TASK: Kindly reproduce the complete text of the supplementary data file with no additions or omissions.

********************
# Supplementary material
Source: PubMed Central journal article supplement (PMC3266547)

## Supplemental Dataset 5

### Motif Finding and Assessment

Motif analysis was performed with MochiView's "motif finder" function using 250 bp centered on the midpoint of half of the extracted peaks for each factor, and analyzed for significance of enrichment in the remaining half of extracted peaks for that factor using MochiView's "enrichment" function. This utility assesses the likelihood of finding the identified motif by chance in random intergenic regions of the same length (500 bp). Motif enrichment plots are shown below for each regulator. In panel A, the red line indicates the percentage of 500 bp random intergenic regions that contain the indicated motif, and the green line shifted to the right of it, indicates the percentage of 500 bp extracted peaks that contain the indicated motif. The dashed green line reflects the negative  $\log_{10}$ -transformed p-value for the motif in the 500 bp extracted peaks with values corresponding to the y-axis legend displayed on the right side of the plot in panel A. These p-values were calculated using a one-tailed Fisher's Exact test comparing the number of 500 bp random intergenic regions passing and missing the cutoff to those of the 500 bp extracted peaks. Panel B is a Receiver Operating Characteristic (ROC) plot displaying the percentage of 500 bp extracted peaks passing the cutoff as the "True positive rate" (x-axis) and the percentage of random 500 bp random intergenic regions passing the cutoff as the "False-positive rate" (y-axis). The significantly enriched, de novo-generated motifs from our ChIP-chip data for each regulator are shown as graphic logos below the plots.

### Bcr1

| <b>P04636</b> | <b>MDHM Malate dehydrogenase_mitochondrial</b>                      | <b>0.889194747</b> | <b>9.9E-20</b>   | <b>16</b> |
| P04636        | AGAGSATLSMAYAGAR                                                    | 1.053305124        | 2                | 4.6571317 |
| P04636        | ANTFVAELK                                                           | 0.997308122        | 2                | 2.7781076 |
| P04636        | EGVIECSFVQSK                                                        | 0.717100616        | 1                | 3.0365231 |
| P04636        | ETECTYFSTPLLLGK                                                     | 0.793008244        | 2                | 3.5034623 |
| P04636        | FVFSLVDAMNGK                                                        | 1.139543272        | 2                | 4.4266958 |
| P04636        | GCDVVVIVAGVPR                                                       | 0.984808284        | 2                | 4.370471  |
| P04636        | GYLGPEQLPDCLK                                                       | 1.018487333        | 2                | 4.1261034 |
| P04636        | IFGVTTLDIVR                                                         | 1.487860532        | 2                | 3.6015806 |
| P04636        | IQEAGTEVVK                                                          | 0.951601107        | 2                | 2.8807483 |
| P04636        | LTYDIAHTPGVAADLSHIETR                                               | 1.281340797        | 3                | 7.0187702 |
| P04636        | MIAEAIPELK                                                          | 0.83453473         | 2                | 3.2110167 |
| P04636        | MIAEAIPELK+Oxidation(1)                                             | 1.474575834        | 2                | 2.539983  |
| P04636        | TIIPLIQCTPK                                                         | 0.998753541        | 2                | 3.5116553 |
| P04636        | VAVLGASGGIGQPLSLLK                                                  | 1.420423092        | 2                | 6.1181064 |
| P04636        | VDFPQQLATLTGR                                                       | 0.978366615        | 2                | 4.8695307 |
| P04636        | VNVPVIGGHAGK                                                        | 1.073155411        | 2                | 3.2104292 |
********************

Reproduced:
# Supplementary material
Source: PubMed Central journal article supplement (PMC3266547)

## Supplemental Dataset 5

### Motif Finding and Assessment

Motif analysis was performed with MochiView's "motif finder" function using 250 bp centered on the midpoint of half of the extracted peaks for each factor, and analyzed for significance of enrichment in the remaining half of extracted peaks for that factor using MochiView's "enrichment" function. This utility assesses the likelihood of finding the identified motif by chance in random intergenic regions of the same length (500 bp). Motif enrichment plots are shown below for each regulator. In panel A, the red line indicates the percentage of 500 bp random intergenic regions that contain the indicated motif, and the green line shifted to the right of it, indicates the percentage of 500 bp extracted peaks that contain the indicated motif. The dashed green line reflects the negative  $\log_{10}$ -transformed p-value for the motif in the 500 bp extracted peaks with values corresponding to the y-axis legend displayed on the right side of the plot in panel A. These p-values were calculated using a one-tailed Fisher's Exact test comparing the number of 500 bp random intergenic regions passing and missing the cutoff to those of the 500 bp extracted peaks. Panel B is a Receiver Operating Characteristic (ROC) plot displaying the percentage of 500 bp extracted peaks passing the cutoff as the "True positive rate" (x-axis) and the percentage of random 500 bp random intergenic regions passing the cutoff as the "False-positive rate" (y-axis). The significantly enriched, de novo-generated motifs from our ChIP-chip data for each regulator are shown as graphic logos below the plots.

### Bcr1

| <b>P04636</b> | <b>MDHM Malate dehydrogenase_mitochondrial</b>                      | <b>0.889194747</b> | <b>9.9E-20</b>   | <b>16</b> |
| P04636        | AGAGSATLSMAYAGAR                                                    | 1.053305124        | 2                | 4.6571317 |
| P04636        | ANTFVAELK                                                           | 0.997308122        | 2                | 2.7781076 |
| P04636        | EGVIECSFVQSK                                                        | 0.717100616        | 1                | 3.0365231 |
| P04636        | ETECTYFSTPLLLGK                                                     | 0.793008244        | 2                | 3.5034623 |
| P04636        | FVFSLVDAMNGK                                                        | 1.139543272        | 2                | 4.4266958 |
| P04636        | GCDVVVIVAGVPR                                                       | 0.984808284        | 2                | 4.370471  |
| P04636        | GYLGPEQLPDCLK                                                       | 1.018487333        | 2                | 4.1261034 |
| P04636        | IFGVTTLDIVR                                                         | 1.487860532        | 2                | 3.6015806 |
| P04636        | IQEAGTEVVK                                                          | 0.951601107        | 2                | 2.8807483 |
| P04636        | LTYDIAHTPGVAADLSHIETR                                               | 1.281340797        | 3                | 7.0187702 |
| P04636        | MIAEAIPELK                                                          | 0.83453473         | 2                | 3.2110167 |
| P04636        | MIAEAIPELK+Oxidation(1)                                             | 1.474575834        | 2                | 2.539983  |
| P04636        | TIIPLIQCTPK                                                         | 0.998753541        | 2                | 3.5116553 |
| P04636        | VAVLGASGGIGQPLSLLK                                                  | 1.420423092        | 2                | 6.1181064 |
| P04636        | VDFPQQLATLTGR                                                       | 0.978366615        | 2                | 4.8695307 |
| P04636        | VNVPVIGGHAGK                                                        | 1.073155411        | 2                | 3.2104292 |